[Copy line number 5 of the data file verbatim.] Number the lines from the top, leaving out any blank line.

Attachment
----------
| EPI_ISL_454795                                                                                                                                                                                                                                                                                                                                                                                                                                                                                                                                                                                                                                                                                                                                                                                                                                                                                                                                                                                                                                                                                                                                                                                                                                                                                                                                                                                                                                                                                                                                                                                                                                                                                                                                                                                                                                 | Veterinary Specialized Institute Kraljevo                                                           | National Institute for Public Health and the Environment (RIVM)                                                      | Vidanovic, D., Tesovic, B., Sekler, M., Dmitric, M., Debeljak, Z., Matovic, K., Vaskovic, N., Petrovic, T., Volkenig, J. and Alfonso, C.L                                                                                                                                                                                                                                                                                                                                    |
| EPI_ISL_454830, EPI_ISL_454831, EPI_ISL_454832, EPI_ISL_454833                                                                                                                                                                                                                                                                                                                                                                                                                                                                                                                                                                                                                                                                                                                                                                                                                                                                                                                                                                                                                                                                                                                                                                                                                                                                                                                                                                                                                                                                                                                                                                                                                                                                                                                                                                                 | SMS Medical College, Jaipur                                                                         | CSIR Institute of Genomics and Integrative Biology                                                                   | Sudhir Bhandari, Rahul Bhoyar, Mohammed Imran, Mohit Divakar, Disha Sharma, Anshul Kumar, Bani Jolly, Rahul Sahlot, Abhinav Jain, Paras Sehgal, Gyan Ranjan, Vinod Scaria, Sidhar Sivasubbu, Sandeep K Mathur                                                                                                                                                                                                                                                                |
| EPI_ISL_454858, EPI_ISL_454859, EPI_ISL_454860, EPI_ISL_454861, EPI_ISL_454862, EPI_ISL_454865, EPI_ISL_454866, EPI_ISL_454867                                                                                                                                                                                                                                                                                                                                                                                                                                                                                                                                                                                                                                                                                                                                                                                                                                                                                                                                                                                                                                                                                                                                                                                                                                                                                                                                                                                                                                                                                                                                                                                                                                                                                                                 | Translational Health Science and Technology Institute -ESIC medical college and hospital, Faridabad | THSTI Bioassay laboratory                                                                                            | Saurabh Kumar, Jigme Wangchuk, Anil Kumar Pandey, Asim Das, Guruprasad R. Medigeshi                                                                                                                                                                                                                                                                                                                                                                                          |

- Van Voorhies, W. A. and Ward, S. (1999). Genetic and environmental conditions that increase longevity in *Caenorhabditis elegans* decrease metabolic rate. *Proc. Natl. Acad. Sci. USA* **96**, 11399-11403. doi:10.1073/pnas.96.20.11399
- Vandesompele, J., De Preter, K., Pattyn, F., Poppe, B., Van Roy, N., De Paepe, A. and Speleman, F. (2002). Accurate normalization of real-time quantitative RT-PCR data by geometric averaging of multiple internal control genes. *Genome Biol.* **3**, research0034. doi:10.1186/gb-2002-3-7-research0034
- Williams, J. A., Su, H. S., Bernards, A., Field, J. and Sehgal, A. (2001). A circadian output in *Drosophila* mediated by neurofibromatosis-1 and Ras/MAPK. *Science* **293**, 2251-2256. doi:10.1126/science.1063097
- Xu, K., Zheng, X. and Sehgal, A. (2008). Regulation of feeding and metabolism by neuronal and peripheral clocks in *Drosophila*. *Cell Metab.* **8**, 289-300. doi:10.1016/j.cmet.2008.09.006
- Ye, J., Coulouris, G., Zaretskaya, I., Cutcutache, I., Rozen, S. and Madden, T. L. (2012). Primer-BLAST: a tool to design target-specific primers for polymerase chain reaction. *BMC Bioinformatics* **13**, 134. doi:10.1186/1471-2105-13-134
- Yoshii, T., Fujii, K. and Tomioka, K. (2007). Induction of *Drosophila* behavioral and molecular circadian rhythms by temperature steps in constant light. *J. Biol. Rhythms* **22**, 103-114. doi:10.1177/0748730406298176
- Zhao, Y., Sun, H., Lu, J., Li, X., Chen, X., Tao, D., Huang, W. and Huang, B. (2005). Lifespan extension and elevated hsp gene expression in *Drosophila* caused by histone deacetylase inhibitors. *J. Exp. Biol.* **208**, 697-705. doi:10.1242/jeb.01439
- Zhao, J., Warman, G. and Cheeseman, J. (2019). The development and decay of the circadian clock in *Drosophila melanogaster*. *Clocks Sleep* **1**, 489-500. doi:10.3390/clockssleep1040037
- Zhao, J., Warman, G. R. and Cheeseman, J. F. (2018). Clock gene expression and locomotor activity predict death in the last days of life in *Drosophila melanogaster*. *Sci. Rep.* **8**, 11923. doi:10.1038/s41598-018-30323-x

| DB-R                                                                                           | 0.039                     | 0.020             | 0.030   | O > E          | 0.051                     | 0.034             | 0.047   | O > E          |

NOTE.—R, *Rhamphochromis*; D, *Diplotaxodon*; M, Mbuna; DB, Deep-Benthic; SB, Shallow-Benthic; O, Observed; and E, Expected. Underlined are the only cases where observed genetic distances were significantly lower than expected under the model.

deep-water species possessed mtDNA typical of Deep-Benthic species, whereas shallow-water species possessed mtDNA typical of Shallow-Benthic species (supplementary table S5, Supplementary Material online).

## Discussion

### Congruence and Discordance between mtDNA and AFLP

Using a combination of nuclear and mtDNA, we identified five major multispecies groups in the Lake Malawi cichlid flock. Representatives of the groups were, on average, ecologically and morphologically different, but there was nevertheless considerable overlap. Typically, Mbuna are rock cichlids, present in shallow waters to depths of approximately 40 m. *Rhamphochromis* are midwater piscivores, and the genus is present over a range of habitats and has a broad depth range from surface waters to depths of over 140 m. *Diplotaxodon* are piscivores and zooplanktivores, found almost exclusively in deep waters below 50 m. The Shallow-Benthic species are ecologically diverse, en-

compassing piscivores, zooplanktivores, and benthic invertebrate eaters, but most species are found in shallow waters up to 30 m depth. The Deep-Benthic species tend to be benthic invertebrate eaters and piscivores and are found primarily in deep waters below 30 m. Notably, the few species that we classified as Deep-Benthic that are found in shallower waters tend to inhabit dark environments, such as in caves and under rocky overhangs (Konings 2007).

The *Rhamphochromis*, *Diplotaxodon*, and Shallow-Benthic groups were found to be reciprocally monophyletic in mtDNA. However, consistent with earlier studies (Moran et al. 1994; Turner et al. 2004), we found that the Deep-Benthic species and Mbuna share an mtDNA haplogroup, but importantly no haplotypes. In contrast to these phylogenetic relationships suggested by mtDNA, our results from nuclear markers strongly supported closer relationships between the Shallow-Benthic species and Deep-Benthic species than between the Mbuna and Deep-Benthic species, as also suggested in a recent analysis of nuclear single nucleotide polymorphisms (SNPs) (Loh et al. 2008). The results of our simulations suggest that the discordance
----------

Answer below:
- Vandesompele, J., De Preter, K., Pattyn, F., Poppe, B., Van Roy, N., De Paepe, A. and Speleman, F. (2002). Accurate normalization of real-time quantitative RT-PCR data by geometric averaging of multiple internal control genes. *Genome Biol.* **3**, research0034. doi:10.1186/gb-2002-3-7-research0034